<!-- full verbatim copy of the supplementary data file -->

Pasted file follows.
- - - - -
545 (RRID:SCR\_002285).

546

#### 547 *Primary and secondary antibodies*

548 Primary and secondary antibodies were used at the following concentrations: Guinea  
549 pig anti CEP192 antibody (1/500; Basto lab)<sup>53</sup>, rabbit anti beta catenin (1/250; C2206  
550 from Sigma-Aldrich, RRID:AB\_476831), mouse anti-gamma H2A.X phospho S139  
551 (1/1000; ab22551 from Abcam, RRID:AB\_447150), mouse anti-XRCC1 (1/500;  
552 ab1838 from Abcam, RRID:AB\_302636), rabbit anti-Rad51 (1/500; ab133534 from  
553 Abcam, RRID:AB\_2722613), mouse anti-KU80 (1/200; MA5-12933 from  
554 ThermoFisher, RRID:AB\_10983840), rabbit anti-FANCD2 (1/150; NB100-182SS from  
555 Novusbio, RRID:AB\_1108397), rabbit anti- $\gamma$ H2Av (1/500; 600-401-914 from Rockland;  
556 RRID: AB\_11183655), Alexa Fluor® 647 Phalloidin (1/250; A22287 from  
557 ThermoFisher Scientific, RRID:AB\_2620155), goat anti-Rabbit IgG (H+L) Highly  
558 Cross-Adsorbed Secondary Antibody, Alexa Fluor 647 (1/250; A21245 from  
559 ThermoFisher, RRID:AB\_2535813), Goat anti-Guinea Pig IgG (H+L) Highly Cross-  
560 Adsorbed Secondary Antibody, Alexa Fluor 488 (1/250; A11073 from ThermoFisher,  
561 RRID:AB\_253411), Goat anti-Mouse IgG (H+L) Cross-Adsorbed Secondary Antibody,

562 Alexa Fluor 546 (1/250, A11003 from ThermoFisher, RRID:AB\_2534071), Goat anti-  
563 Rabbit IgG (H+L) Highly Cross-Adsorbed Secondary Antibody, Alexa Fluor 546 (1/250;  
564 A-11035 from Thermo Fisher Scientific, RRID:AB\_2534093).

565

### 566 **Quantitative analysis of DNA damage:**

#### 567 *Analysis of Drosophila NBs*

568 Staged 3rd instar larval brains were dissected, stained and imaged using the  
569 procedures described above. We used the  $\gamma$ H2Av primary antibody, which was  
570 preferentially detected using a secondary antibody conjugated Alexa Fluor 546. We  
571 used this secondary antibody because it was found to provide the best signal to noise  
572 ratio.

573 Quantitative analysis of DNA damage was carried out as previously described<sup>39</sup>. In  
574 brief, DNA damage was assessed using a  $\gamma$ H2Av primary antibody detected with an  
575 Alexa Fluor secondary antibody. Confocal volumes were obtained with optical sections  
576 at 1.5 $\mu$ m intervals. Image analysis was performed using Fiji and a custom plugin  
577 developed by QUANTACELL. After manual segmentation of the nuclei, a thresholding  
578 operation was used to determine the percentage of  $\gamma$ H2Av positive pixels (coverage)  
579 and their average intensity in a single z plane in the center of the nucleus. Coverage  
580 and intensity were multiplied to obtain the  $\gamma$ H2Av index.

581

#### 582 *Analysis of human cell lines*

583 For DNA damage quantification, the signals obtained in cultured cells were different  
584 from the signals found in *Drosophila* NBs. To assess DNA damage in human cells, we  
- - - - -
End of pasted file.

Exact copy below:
545 (RRID:SCR\_002285).

546

#### 547 *Primary and secondary antibodies*

548 Primary and secondary antibodies were used at the following concentrations: Guinea  
549 pig anti CEP192 antibody (1/500; Basto lab)<sup>53</sup>, rabbit anti beta catenin (1/250; C2206  
550 from Sigma-Aldrich, RRID:AB\_476831), mouse anti-gamma H2A.X phospho S139  
551 (1/1000; ab22551 from Abcam, RRID:AB\_447150), mouse anti-XRCC1 (1/500;  
552 ab1838 from Abcam, RRID:AB\_302636), rabbit anti-Rad51 (1/500; ab133534 from  
553 Abcam, RRID:AB\_2722613), mouse anti-KU80 (1/200; MA5-12933 from  
554 ThermoFisher, RRID:AB\_10983840), rabbit anti-FANCD2 (1/150; NB100-182SS from  
555 Novusbio, RRID:AB\_1108397), rabbit anti- $\gamma$ H2Av (1/500; 600-401-914 from Rockland;  
556 RRID: AB\_11183655), Alexa Fluor® 647 Phalloidin (1/250; A22287 from  
557 ThermoFisher Scientific, RRID:AB\_2620155), goat anti-Rabbit IgG (H+L) Highly  
558 Cross-Adsorbed Secondary Antibody, Alexa Fluor 647 (1/250; A21245 from  
559 ThermoFisher, RRID:AB\_2535813), Goat anti-Guinea Pig IgG (H+L) Highly Cross-  
560 Adsorbed Secondary Antibody, Alexa Fluor 488 (1/250; A11073 from ThermoFisher,  
561 RRID:AB\_253411), Goat anti-Mouse IgG (H+L) Cross-Adsorbed Secondary Antibody,

562 Alexa Fluor 546 (1/250, A11003 from ThermoFisher, RRID:AB\_2534071), Goat anti-  
563 Rabbit IgG (H+L) Highly Cross-Adsorbed Secondary Antibody, Alexa Fluor 546 (1/250;  
564 A-11035 from Thermo Fisher Scientific, RRID:AB\_2534093).

565

### 566 **Quantitative analysis of DNA damage:**

#### 567 *Analysis of Drosophila NBs*

568 Staged 3rd instar larval brains were dissected, stained and imaged using the  
569 procedures described above. We used the  $\gamma$ H2Av primary antibody, which was  
570 preferentially detected using a secondary antibody conjugated Alexa Fluor 546. We  
571 used this secondary antibody because it was found to provide the best signal to noise  
572 ratio.

573 Quantitative analysis of DNA damage was carried out as previously described<sup>39</sup>. In  
574 brief, DNA damage was assessed using a  $\gamma$ H2Av primary antibody detected with an  
575 Alexa Fluor secondary antibody. Confocal volumes were obtained with optical sections  
576 at 1.5 $\mu$ m intervals. Image analysis was performed using Fiji and a custom plugin  
577 developed by QUANTACELL. After manual segmentation of the nuclei, a thresholding  
578 operation was used to determine the percentage of  $\gamma$ H2Av positive pixels (coverage)  
579 and their average intensity in a single z plane in the center of the nucleus. Coverage  
580 and intensity were multiplied to obtain the  $\gamma$ H2Av index.

581

#### 582 *Analysis of human cell lines*

583 For DNA damage quantification, the signals obtained in cultured cells were different  
584 from the signals found in *Drosophila* NBs. To assess DNA damage in human cells, we  